Marrying OutFriday, November 11, 2011
The latest research has found that today, “young adults have more friends of diverse racial backgrounds than past generations and are more willing to have relationships with those of other races and cultures.”
So it shouldn’t come as a surprise that increasing numbers are "marrying out," meaning outside of their race. According to a new analysis of Census data by researchers at Ohio State and Cornell, the percentage was 14.6% in 2008, up from 6.7% in 1980. An estimated 4.5 million married couples in the U.S. are interracial, according to 2011 Census data released last week from the Current Population Survey.
A USA Today/Gallup poll released in September found that 86% of Americans approve of black-white marriages, compared with 48% in 1991. Among ages 18-37, 97% approved.
Asian-white pairings, especially Asian women and white men, are so common many "don't even look at that at all," says Kevin Noble Maillard, associate professor of law at Syracuse University in New York.
Somebody please tell the American church.
It’s become cliché to call Sunday mornings at 11 a.m. the most segregated hour in America. But like most clichés, sadly, it’s often true.
But interracial couples are the most lost of all.
In most churches, black-white couples stand out, as if good Christians only marry their own “kind.” There is a sense that somehow, there is something “wrong” with them being together, or perhaps that it is even a sin.
This is just as strong in black churches.
I was having coffee with a friend of mine who pastors a large and predominantly African-American church in our city. He’d snuck into Meck a few times for a Saturday night service, and was blown away at how many interracial couples he saw. He loved it, and envied how comfortable they must feel at our church, unlike his, because there were so many others like them in attendance. He then went on to tell me black-white couples are often stared at in his church, with less than veiled contempt, and that this is present in other predominantly African-American churches across the nation as well.
He said in white churches, it’s because there’s a sense that such unions are condemned; in black churches, it’s because a white man or woman “took” an eligible black man or woman away.
I don’t know if that’s the right assessment. I just know the whole thing reeks of racism.
So does Scripture condemn people of different races intermarrying?
Is that something that God frowns on?
No. A thousand times no.
There is nothing in Scripture that condemns interracial marriage in any form. Yes, the Bible speaks of not being unequally yoked, and tells the Israelites in the Old Testament that they should not marry Canaanites.
But that was not racially-based.
It was faith-based.
That type of intermarriage is very much warned against in Scripture, and with very strong language. We are told, time and again, not to marry outside of our faith. To do so is to create a relationship destined for difficulty, because the deepest parts of who you are cannot be shared with your mate. At the deepest and most significant levels, the two cannot become one.
When you have the power of emotions coupled with romantic love it can override all logic, especially the fact that you know on the front end the relationship cannot and should not be consummated. That is why it's not even wise to date someone outside of your faith. You are just setting yourself up.
So let’s put evangelistic dating in the “stupid” category, despite the wonderful love stories from those who violate the wisdom of scripture would posit with eventual success.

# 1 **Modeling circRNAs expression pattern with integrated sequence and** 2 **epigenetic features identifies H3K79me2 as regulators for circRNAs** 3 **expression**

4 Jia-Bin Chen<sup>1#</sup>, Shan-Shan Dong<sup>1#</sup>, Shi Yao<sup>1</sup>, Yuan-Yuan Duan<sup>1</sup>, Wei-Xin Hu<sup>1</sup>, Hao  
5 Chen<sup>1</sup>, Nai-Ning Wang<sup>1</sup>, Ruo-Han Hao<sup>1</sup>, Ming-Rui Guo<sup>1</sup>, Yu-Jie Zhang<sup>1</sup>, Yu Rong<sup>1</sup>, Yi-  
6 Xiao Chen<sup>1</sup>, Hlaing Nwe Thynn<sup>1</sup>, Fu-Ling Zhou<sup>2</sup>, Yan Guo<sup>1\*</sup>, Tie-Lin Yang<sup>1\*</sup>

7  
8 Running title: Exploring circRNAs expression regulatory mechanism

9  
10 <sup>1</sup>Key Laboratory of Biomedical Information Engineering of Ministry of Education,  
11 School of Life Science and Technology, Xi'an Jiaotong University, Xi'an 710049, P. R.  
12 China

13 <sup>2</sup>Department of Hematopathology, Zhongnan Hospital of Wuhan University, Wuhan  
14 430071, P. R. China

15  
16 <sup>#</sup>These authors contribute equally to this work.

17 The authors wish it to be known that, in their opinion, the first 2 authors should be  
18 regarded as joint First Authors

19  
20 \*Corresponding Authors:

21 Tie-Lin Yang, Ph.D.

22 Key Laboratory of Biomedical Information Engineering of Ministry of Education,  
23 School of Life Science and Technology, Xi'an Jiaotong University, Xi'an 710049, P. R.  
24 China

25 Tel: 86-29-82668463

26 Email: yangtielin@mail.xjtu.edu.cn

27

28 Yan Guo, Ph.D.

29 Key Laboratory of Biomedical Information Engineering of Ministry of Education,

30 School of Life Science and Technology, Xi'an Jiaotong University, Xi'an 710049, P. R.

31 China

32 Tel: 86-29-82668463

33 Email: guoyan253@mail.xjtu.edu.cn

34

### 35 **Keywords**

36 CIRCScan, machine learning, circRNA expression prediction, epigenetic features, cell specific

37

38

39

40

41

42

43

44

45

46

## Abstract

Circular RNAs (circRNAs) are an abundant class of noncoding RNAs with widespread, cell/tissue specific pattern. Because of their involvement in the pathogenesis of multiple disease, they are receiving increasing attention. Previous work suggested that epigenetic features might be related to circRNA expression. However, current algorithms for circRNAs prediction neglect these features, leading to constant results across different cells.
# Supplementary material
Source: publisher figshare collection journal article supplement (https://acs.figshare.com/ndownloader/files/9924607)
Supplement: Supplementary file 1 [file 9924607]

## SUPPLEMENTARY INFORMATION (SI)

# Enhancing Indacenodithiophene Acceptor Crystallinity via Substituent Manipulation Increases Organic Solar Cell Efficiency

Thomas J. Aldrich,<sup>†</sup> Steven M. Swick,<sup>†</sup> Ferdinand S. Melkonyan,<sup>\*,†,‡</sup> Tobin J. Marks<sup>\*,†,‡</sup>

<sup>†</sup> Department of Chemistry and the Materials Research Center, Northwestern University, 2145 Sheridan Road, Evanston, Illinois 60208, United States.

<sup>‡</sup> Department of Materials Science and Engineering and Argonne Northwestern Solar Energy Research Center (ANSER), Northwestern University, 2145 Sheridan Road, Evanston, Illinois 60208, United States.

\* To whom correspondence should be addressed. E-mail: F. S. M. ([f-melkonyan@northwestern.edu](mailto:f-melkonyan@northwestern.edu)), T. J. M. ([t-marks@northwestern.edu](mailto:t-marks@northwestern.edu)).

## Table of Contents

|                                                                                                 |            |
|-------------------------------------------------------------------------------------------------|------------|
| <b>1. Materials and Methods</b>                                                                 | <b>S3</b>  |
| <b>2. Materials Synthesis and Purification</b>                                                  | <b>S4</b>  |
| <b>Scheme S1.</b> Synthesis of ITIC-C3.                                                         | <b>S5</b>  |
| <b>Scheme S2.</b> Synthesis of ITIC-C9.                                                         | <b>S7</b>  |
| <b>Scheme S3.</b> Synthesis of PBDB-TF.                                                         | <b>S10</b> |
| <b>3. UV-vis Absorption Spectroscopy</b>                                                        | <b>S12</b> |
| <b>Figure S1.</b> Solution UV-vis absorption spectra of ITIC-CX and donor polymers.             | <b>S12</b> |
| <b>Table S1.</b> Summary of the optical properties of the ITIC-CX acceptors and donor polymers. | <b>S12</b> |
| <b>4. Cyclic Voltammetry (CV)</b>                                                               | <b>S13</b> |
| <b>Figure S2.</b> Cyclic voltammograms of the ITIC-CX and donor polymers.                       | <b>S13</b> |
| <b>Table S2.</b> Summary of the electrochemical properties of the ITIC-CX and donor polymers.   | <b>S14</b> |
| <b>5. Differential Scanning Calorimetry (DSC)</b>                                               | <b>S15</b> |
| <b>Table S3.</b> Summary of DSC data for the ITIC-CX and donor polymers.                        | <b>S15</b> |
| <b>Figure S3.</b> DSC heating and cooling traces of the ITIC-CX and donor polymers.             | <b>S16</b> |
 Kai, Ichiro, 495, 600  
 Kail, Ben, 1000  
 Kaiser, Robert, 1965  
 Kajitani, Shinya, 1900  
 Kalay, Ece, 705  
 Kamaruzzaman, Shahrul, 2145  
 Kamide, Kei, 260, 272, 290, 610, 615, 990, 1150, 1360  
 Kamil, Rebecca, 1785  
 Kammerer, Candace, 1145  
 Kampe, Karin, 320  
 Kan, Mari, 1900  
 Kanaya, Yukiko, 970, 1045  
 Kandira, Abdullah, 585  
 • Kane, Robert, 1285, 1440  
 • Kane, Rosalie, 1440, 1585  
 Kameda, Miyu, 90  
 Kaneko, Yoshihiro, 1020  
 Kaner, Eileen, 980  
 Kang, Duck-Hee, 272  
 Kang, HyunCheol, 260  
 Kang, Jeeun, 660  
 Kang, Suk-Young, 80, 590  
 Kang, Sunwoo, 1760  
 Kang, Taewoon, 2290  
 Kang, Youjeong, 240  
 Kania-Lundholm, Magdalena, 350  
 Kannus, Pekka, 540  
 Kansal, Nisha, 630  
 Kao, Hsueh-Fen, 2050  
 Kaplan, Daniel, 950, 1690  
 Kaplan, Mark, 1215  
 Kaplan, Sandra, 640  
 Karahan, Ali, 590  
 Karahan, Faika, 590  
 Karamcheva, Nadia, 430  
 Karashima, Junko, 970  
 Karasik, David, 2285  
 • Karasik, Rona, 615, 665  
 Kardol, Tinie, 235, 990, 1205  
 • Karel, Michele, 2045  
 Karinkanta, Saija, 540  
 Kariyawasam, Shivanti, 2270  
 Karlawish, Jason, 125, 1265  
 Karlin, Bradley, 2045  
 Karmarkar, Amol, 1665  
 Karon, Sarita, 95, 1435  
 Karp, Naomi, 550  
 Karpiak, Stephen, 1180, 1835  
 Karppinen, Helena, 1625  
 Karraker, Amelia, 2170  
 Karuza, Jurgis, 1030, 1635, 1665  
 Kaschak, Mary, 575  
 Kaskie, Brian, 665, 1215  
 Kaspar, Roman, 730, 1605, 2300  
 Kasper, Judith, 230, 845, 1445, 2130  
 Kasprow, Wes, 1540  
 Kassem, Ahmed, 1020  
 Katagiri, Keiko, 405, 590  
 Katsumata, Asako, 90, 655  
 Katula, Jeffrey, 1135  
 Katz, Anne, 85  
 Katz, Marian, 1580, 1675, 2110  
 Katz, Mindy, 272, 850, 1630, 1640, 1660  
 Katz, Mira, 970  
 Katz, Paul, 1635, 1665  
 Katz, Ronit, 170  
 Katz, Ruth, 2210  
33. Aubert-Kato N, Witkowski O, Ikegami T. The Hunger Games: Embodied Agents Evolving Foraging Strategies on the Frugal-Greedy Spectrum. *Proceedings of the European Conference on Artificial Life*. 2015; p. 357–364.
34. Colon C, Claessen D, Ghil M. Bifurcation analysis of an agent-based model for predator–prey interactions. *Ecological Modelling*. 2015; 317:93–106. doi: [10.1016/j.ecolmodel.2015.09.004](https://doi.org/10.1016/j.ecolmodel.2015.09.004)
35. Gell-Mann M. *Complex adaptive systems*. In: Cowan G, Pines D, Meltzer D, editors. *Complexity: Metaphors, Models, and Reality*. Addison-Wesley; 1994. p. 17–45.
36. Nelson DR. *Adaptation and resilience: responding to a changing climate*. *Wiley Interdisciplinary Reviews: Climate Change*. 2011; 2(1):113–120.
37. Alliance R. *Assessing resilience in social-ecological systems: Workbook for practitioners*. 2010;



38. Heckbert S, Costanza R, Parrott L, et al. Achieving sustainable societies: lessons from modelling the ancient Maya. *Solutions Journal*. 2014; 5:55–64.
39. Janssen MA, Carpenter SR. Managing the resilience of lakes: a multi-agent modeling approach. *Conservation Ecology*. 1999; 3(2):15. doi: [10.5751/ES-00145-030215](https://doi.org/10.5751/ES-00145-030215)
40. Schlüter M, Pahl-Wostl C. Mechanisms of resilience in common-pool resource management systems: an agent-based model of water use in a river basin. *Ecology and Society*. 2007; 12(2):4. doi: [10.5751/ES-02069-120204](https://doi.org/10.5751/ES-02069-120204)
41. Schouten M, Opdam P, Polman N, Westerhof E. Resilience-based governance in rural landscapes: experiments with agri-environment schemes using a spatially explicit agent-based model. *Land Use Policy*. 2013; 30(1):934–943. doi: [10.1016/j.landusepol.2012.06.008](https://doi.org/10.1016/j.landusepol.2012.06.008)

Those are not only exceptions to the rule, they are examples of dodging the proverbial bullet. For every one of those stories, I could introduce you to scores of others who would tell you of the heartbreaking nature of what it is like to live unequally yoked.
But again, this has nothing to do with interracial unions.
In certain periods of history, and in certain cultures, it’s certainly been fair to lovingly counsel people about the difficulties involved in an interracial marriage – both for the sake of the couple, and for the sake of the children.
But never in a sense that it would be wrong.
It is no more different than counseling any other couple that might come from different backgrounds – economically, educationally, culturally - to be aware of what might lie ahead.
In truth, those that condemn interracial unions tend to do so from a spirit of racism more than a sense of what the Bible actually teaches. And racism, of any form, has no place in the Christian life.
Lest we forget, the sin committed by Miriam and Aaron against Moses was in condemning Moses' own interracial marriage.
The Bible tells us that, ”Miriamand Aaron began to talk against Moses because of his Cushitewife, for he had married a Cushite” (Numbers 12:1, NIV).
They rejected Moses’ wife because of her race. She was a Cushite (an Ethiopian), meaning she was black, and Moses and his family were Jewish. Interestingly, as the criticism mounted, it is God Himself who comes to Moses’ defense and reaffirms His hand on his life.
This past weekend a young African-American boy came up to me in a hallway between services and said, “Pastor Jim! Pastor Jim! I have a question.”
I stopped and said, “Fire away!”
He said, “If we’re all supposed to be brothers and sisters, why did God make people black and white?”
I said the first thing that came to mind.
“I don’t know, buddy, but isn’t it great that it doesn’t matter when it comes to being brothers and sisters?”
He smiled, hugged me, and walked away.
And for all the churches out there, I would add this:
“And isn’t it great that it doesn’t matter when it comes to being husband and wife?”
James Emery White
“Americans ‘marrying out’ in much greater numbers,” Sharon Jayson, USA Today, Tuesday, November 8, 2011, p. 1D and 2D. Read online.
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